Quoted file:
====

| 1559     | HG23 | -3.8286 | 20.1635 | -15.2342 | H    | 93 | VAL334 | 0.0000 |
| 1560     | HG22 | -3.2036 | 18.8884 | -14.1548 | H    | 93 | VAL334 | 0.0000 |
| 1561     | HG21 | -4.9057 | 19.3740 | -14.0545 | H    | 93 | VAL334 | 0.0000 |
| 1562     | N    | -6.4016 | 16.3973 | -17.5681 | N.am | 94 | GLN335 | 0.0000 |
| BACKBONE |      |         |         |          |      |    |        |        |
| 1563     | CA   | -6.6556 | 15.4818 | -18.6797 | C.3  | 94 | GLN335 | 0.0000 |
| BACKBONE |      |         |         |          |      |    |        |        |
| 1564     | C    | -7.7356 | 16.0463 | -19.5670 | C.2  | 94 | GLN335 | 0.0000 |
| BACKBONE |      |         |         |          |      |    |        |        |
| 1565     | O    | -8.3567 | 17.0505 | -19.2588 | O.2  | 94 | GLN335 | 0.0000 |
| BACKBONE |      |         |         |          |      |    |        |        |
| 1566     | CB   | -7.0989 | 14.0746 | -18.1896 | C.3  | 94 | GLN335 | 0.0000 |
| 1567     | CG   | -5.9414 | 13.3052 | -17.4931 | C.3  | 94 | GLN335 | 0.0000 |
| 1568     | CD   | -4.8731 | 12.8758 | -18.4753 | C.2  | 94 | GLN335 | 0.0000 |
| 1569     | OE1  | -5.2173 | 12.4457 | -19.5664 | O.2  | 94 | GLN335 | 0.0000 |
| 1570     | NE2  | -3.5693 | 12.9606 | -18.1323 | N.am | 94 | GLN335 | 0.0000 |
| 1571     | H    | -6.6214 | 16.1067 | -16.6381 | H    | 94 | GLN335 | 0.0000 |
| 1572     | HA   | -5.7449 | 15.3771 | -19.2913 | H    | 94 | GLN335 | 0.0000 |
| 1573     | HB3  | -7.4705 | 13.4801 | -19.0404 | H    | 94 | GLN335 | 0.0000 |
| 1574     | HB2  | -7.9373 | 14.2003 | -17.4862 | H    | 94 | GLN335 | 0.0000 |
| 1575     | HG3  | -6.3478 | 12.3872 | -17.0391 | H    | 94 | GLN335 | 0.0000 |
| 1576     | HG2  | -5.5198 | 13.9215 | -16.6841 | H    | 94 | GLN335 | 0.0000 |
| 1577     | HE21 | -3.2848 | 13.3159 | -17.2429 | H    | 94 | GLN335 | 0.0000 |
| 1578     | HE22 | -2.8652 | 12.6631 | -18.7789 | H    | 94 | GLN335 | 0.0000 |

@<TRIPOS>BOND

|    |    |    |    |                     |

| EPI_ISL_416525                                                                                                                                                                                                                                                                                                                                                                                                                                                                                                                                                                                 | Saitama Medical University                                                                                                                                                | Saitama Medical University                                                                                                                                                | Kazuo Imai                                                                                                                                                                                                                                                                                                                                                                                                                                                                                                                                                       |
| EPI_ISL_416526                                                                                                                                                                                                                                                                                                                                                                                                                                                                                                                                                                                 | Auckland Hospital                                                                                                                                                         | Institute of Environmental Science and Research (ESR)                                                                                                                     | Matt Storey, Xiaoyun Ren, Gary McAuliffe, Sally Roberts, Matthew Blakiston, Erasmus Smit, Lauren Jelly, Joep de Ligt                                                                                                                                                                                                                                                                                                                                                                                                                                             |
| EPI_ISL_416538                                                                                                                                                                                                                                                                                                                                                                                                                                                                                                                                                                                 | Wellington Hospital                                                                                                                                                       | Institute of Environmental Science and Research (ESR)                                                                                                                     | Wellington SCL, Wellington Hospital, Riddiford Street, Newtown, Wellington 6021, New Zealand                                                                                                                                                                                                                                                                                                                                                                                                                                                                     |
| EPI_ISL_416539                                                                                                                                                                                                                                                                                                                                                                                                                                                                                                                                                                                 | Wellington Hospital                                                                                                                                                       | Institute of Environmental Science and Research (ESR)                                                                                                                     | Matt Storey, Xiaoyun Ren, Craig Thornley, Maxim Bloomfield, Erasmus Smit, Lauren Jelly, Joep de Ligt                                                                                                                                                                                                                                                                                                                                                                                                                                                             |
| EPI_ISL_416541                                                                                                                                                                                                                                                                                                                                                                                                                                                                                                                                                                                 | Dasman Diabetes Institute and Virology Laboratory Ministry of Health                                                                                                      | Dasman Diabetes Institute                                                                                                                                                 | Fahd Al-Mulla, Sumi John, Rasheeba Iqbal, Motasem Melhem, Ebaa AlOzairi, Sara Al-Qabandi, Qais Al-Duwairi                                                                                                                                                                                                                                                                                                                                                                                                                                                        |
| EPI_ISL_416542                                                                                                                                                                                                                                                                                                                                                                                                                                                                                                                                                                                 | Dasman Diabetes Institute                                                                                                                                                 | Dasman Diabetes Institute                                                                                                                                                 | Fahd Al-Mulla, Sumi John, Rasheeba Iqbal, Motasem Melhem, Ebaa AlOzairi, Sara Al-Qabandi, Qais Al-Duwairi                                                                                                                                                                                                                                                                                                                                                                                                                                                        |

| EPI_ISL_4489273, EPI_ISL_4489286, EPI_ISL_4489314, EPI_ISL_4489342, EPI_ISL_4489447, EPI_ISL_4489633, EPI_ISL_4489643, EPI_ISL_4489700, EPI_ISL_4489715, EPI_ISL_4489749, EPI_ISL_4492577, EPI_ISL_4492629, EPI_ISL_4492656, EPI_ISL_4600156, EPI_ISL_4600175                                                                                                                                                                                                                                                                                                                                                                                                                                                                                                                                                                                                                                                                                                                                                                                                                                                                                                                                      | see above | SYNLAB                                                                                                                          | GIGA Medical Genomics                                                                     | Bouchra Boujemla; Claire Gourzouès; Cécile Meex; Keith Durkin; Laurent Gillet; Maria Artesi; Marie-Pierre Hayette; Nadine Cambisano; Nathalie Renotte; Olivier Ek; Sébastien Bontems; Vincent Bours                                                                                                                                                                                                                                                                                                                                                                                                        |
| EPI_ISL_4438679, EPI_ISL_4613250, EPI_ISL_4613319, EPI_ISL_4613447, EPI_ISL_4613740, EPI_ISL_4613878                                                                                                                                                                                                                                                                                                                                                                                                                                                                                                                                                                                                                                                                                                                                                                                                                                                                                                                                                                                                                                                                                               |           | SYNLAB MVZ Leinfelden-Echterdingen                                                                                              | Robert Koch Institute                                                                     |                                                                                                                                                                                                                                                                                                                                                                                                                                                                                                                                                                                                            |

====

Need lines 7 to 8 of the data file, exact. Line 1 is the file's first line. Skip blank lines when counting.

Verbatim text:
| BACKBONE |      |         |         |          |      |    |        |        |
| 1564     | C    | -7.7356 | 16.0463 | -19.5670 | C.2  | 94 | GLN335 | 0.0000 |